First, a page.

3. It benefits nature as a whole, e.g. by providing nesting space for birds
                                                                      4. It’s probably the least prone to corruption, misuse of funds, or some other form of “damage” to others.
                                                                      5. Provided they are taken care for (or just left alone), a forest can last for more or less forever (at least here in The Netherlands where we don’t have massive wildfires and what not). I think wind turbines only last 2-3 decades or so.

                                                                      Of course there are far more effective ways, such as banning cars and massive investments in public transportation. But these methods tend to be very political, take years to complete, usually are horribly expensive, and may be prone to misuse.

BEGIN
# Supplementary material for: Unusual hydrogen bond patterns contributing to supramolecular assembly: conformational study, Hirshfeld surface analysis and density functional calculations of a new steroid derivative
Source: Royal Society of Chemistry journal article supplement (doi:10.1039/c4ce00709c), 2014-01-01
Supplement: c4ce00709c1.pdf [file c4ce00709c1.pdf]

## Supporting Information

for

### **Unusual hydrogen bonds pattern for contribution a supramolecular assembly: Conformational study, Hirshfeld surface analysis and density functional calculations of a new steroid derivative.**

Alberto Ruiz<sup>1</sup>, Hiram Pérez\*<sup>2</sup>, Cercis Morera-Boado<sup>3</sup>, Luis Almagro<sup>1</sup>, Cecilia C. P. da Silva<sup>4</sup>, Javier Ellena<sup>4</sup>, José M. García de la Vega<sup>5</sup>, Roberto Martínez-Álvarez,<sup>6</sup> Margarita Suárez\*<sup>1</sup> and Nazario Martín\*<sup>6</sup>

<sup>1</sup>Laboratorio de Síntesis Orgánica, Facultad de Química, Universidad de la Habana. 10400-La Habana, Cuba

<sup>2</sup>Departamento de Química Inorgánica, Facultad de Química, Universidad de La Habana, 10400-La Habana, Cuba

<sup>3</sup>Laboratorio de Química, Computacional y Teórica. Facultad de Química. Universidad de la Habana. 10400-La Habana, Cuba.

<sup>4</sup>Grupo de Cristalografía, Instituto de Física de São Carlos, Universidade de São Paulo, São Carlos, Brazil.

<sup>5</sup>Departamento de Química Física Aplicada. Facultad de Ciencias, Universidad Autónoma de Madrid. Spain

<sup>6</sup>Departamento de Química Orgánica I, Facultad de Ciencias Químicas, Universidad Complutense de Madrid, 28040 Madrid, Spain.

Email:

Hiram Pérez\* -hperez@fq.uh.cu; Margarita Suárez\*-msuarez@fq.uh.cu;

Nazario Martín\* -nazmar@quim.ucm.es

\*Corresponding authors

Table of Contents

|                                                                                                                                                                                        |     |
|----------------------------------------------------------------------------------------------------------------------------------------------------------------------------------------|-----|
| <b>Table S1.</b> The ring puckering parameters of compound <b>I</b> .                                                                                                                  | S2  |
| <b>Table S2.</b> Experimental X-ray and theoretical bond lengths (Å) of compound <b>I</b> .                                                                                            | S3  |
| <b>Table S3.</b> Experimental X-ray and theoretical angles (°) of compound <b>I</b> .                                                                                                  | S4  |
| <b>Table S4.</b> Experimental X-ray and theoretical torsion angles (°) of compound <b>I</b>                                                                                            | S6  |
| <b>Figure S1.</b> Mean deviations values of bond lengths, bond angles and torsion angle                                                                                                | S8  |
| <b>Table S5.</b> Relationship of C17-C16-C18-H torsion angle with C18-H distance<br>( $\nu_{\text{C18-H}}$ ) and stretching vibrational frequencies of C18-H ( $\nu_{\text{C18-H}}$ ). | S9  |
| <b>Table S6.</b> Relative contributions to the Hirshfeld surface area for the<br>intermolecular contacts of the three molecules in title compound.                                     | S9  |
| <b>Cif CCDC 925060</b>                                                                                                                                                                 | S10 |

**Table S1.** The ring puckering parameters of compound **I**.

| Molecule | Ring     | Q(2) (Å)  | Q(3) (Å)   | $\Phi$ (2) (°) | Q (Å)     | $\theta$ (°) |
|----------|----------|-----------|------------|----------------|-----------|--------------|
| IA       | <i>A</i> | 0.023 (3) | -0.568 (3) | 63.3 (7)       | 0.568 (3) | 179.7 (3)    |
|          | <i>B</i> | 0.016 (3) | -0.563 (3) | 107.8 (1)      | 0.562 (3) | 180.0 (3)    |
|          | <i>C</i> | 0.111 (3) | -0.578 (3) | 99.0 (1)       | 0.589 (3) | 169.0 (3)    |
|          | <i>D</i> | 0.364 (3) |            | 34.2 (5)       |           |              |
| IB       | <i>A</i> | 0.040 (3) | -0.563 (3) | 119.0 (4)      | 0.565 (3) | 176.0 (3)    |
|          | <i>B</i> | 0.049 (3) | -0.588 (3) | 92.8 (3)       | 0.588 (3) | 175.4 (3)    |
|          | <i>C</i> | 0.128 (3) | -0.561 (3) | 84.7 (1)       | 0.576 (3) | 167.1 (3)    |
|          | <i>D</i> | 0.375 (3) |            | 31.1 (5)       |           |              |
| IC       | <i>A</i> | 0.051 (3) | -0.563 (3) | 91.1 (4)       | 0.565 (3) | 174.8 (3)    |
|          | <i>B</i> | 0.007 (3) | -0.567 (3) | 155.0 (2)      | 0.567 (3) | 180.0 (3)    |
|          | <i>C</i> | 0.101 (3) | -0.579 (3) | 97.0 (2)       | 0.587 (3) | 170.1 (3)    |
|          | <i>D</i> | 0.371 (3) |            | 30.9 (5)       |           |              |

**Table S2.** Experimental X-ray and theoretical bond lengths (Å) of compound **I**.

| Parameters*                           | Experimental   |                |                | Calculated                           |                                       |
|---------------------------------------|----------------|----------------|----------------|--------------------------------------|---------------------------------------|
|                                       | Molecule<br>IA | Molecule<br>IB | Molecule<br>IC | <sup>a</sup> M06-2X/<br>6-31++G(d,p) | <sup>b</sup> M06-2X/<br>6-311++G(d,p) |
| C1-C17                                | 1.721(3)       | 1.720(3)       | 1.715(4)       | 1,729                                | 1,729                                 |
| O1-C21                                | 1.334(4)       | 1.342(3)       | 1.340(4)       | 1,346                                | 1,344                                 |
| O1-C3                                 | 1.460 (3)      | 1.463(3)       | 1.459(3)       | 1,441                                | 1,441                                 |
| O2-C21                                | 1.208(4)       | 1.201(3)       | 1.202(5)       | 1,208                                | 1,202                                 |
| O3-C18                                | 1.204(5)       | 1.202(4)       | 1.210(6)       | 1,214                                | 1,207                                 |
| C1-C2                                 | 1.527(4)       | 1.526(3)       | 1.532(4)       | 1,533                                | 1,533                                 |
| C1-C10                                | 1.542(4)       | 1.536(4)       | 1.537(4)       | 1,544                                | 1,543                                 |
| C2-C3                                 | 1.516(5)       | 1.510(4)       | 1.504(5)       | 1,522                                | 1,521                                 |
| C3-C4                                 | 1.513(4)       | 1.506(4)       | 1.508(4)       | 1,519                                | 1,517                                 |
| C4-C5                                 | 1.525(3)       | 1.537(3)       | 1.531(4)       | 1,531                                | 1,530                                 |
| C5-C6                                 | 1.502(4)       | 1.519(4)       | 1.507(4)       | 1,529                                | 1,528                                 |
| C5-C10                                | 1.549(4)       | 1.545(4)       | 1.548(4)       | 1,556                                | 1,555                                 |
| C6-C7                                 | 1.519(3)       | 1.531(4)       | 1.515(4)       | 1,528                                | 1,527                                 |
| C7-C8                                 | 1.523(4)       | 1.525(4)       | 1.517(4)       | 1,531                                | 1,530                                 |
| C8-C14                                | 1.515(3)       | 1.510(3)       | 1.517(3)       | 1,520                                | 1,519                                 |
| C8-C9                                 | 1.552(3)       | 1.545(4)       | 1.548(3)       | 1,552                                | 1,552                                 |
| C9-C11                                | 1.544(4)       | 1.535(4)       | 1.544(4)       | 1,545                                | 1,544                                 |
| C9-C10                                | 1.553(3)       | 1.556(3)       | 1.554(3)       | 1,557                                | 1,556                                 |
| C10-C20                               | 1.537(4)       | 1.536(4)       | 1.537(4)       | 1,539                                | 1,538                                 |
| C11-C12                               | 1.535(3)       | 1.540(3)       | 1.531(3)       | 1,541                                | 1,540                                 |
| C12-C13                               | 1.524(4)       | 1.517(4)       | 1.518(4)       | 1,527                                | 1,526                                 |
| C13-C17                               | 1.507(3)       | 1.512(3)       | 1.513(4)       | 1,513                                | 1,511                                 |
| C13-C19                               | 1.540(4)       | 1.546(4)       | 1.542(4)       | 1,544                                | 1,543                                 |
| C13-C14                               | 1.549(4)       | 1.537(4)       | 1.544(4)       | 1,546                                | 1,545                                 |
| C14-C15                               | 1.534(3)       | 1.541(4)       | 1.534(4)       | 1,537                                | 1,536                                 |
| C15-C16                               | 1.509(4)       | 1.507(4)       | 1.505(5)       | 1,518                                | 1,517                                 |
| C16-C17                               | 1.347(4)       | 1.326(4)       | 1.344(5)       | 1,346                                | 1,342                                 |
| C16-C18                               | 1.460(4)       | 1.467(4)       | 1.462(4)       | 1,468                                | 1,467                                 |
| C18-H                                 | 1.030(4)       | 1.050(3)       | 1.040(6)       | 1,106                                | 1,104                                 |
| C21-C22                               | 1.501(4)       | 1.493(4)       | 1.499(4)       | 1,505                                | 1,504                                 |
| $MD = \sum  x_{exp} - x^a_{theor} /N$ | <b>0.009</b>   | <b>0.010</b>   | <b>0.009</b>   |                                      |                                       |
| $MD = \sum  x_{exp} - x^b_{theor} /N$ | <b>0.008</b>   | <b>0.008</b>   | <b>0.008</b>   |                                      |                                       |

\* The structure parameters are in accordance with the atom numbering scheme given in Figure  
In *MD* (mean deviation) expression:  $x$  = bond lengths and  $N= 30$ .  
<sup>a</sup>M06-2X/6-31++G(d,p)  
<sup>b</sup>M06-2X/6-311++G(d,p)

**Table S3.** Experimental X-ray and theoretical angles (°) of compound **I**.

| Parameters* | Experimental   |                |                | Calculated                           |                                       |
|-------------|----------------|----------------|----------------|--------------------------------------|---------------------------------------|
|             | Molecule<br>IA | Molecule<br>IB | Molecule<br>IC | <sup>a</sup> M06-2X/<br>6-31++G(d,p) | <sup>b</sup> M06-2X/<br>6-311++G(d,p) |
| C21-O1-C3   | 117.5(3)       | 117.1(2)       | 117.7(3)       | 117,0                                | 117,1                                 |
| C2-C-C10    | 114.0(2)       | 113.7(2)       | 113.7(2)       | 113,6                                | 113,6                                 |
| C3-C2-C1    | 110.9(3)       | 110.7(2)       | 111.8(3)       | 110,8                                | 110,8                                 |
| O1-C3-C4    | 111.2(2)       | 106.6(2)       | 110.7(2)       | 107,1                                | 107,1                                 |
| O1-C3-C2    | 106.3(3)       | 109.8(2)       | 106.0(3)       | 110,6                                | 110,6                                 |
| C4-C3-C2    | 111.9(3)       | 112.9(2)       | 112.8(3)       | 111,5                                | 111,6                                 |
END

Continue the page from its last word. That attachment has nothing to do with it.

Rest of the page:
A random recent example: a wind park was built in The Netherlands, with enough energy to provide 300k-something homes with electricity. The Dutch government invested something like €600 million, with the promise that locals would get (IIRC) a discount. This would be a huge benefit for the environment, as a few birds flying into a wind turbine is worth saving tons of CO2.

                                                                      Except it all went to a (newly built) data centre from Microsoft. All of it. This in spite of The Netherlands lagging behind massively when it comes to adopting renewable energy sources.